Friday, July 20, 2012

EZ Tomatoes 101

It's an unbelievably hot and sticky week here in the Midwest.  Our meals have dwindled down to sandwiches, salads and an occasional frozen entree.  Even with A/C it's too hot to be in the kitchen very long.  I guess this is because of being drained of energy during the time we have to be outdoors.
My husband is having a love affair with his tomatoes this year and I feel he deserves some kudos for keeping our plants alive during our exceptional weather. 

We live in a non-agricultural area in the foothills of the Ozarks.  When I say non-ag, I mean our bumper crop is rocks.  These rocks don't go away after you slave with picks and shovels until your hands bleed to get them out of the garden ~ they return the following Spring due to the freezing and thawing of the ground.  The only way to have a truly productive full-scale garden that doesn't work you to death is to have a raised bed garden, which is quite pricey once you factor in the foundation/framework, topsoil and other soil amendments.  Not for this old couple anyway!

We decided that we can live from veggies gleaned from produce stands, farmers markets and the local Town & County except for our beloved homegrown tomatoes. Hubby rigged up some 5-gallon buckets by drilling several drainage holes 3 to 4 inches up from the bottom of the buckets.  He t filled the buckets with good quality (Miracle Gro) potting soil and then planted his baby plants that were no taller than a pinkie finger.  Here's what he has now ~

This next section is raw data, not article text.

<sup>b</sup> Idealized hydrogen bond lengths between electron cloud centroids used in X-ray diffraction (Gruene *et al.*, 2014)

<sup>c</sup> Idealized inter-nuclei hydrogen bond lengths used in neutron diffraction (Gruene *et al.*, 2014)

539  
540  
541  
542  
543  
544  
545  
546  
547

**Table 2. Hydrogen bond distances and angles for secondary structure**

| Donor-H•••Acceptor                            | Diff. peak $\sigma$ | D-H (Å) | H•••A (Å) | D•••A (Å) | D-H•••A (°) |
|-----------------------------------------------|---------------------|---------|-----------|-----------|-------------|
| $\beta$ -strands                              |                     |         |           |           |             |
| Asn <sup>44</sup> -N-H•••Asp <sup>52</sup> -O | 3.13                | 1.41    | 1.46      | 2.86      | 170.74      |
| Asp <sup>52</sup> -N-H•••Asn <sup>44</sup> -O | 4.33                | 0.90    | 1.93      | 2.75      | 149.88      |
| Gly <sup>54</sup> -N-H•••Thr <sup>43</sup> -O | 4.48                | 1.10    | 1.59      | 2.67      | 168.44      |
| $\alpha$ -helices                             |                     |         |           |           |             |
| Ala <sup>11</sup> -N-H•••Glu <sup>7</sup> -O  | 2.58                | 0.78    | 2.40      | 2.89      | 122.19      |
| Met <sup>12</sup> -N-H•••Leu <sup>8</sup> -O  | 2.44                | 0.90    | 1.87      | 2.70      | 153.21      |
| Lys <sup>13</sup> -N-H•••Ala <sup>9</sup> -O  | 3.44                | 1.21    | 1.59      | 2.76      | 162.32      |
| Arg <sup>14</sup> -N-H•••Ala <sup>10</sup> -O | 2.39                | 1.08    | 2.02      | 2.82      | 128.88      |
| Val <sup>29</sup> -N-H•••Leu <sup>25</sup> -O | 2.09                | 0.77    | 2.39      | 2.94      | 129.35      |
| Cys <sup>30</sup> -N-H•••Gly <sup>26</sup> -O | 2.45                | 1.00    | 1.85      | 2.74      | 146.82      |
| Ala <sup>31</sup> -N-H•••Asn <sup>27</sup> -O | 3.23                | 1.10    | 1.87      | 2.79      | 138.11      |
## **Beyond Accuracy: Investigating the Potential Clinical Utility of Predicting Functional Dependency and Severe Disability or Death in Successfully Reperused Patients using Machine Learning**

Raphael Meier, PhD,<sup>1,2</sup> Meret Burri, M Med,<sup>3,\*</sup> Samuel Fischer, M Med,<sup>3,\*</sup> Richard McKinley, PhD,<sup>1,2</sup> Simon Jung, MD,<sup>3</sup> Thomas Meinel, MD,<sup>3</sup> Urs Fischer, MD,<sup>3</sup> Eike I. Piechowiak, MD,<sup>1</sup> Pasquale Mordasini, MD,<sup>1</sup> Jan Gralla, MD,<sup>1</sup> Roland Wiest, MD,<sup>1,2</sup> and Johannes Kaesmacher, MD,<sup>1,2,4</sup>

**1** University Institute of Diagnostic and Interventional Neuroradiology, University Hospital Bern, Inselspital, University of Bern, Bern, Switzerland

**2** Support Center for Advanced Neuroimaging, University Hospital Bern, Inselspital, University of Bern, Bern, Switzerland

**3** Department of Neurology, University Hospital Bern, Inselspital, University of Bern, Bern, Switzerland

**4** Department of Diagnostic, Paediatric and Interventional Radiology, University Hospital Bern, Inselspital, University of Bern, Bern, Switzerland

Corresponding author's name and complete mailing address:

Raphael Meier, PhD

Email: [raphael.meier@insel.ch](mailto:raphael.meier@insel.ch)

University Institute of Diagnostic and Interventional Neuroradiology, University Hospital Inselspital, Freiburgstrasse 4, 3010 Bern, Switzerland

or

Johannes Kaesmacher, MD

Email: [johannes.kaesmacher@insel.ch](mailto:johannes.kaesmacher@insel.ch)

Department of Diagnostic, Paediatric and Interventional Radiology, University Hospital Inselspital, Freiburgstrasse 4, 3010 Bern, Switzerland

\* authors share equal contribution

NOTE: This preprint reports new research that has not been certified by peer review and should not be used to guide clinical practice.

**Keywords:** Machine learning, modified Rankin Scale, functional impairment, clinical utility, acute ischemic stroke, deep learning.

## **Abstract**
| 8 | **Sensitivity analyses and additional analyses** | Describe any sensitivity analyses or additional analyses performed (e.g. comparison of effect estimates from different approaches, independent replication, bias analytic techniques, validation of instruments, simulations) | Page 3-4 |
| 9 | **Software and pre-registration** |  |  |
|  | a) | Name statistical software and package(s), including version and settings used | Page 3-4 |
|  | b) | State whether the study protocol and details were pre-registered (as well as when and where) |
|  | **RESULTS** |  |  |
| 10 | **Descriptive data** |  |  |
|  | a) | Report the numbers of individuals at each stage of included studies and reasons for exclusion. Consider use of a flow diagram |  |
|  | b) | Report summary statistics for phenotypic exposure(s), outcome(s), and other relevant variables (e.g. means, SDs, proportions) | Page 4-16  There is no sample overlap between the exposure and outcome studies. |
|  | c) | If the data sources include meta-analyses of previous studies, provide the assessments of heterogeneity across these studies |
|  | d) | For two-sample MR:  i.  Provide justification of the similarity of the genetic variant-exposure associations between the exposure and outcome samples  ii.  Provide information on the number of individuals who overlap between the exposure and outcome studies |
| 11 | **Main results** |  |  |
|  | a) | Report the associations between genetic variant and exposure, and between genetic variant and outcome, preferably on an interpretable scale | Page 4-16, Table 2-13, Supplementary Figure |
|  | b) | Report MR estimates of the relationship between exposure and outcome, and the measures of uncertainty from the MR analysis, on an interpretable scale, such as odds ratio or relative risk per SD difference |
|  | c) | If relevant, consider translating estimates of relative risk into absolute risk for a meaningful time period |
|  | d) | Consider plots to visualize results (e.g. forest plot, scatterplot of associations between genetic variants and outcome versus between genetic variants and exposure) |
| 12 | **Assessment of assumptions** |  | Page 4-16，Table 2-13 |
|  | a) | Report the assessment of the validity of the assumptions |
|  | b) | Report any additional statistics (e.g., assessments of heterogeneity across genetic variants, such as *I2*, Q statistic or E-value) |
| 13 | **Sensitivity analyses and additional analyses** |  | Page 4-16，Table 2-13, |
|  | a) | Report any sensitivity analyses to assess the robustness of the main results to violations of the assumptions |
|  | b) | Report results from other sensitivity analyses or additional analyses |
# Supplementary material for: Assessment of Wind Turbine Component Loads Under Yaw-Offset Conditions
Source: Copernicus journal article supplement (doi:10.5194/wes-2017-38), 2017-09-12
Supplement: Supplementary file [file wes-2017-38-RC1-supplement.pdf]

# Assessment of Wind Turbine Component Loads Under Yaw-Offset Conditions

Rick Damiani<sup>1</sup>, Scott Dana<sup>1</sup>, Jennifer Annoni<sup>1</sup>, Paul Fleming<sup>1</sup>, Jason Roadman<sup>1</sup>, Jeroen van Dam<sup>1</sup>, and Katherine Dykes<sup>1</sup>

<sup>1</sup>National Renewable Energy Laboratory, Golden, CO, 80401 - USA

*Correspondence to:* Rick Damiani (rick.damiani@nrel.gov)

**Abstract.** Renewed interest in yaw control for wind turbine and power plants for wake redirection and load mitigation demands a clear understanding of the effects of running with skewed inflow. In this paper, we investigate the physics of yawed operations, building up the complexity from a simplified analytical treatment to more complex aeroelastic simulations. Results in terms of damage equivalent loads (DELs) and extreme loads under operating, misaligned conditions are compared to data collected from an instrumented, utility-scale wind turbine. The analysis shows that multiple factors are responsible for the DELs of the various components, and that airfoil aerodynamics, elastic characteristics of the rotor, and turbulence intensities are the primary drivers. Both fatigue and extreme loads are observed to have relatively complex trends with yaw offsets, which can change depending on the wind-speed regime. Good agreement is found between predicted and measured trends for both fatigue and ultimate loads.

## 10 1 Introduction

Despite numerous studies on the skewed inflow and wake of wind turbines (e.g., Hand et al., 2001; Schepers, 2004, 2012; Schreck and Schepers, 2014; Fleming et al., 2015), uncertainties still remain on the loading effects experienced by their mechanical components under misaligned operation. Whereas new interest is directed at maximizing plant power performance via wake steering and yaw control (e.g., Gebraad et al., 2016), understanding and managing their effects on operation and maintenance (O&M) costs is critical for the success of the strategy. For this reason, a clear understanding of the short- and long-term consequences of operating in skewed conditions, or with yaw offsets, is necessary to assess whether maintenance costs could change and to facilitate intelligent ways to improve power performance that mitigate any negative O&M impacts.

He placed the buckets on the south side of the garage so they can easily be watered.  The bonus to growing tomatoes in containers is that there is little to no weeds to pull and harvesting is so much easier.  Around here it's not wise to be reaching under plants on the ground.  We have a total of 12 plants and these have kept ourselves, our closest neighbors whose plants didn't survive and several of our tenants with fresh tomatoes all summer.

Hubby has been itching to try growing one of those upside-down tomatoes that are sold on TV so he devised his own version, which are working pretty well.  He took an old hanging plastic flower pot and cut out a circle about 2" or so in diameter in the bottom.  While I held the pot he inserted the baby tomato plant into the hole with the roots inside the pot and the green stems facing downward and then gently filled the pot with soil, pressing it down lightly.  He then took the drip saucer from the pot and place it loosely on top of the soil to give the root area a little shade for the roots.  You could also use a coffee can lid or any old plastic lid you might have.  These two hanging pots are doing well, although I fail to see the benefit of having your tomatoes grow in this manner.  It's a novelty for sure!

Sewing...quilting...Not much of that going on here except for working on some group projects.  I have been having trouble with some blocks for a Quilt of Valor project.  Yesterday I thought I had made a block good enough to go into the quilt of a wounded soldier and posted it in our group section online and immediately a major mistake jumped out at of my star points is the wrong color!!!  As ye sew, so shall ye rip!!!

The way this block is constructed (on the diagonal)  it will be easier for me to make a new block than to rip and redo this one!!  Back to the sewing machine for me today!

Peace & Plenty....Barb

1 comment:

  1. So glad your tomatoes are doing well. We got back from vacation and the squirrels had gotten all of ours again. Needless to say DH was very unhappy. 24 plants and haven't gotten a single one yet. Guess I will buying mine from a road side stand or something. Heck, didn't even get any green ones big enough to fry. UGHHH. He is talking about caging in the whole thing next year. I think the squirrels will still figure out a way to get them. What is your secret for keeping the squirrels out of them. Did red pepper and everything. I am for doing them in pots, even if I have to bring them in at night. Very disappointed.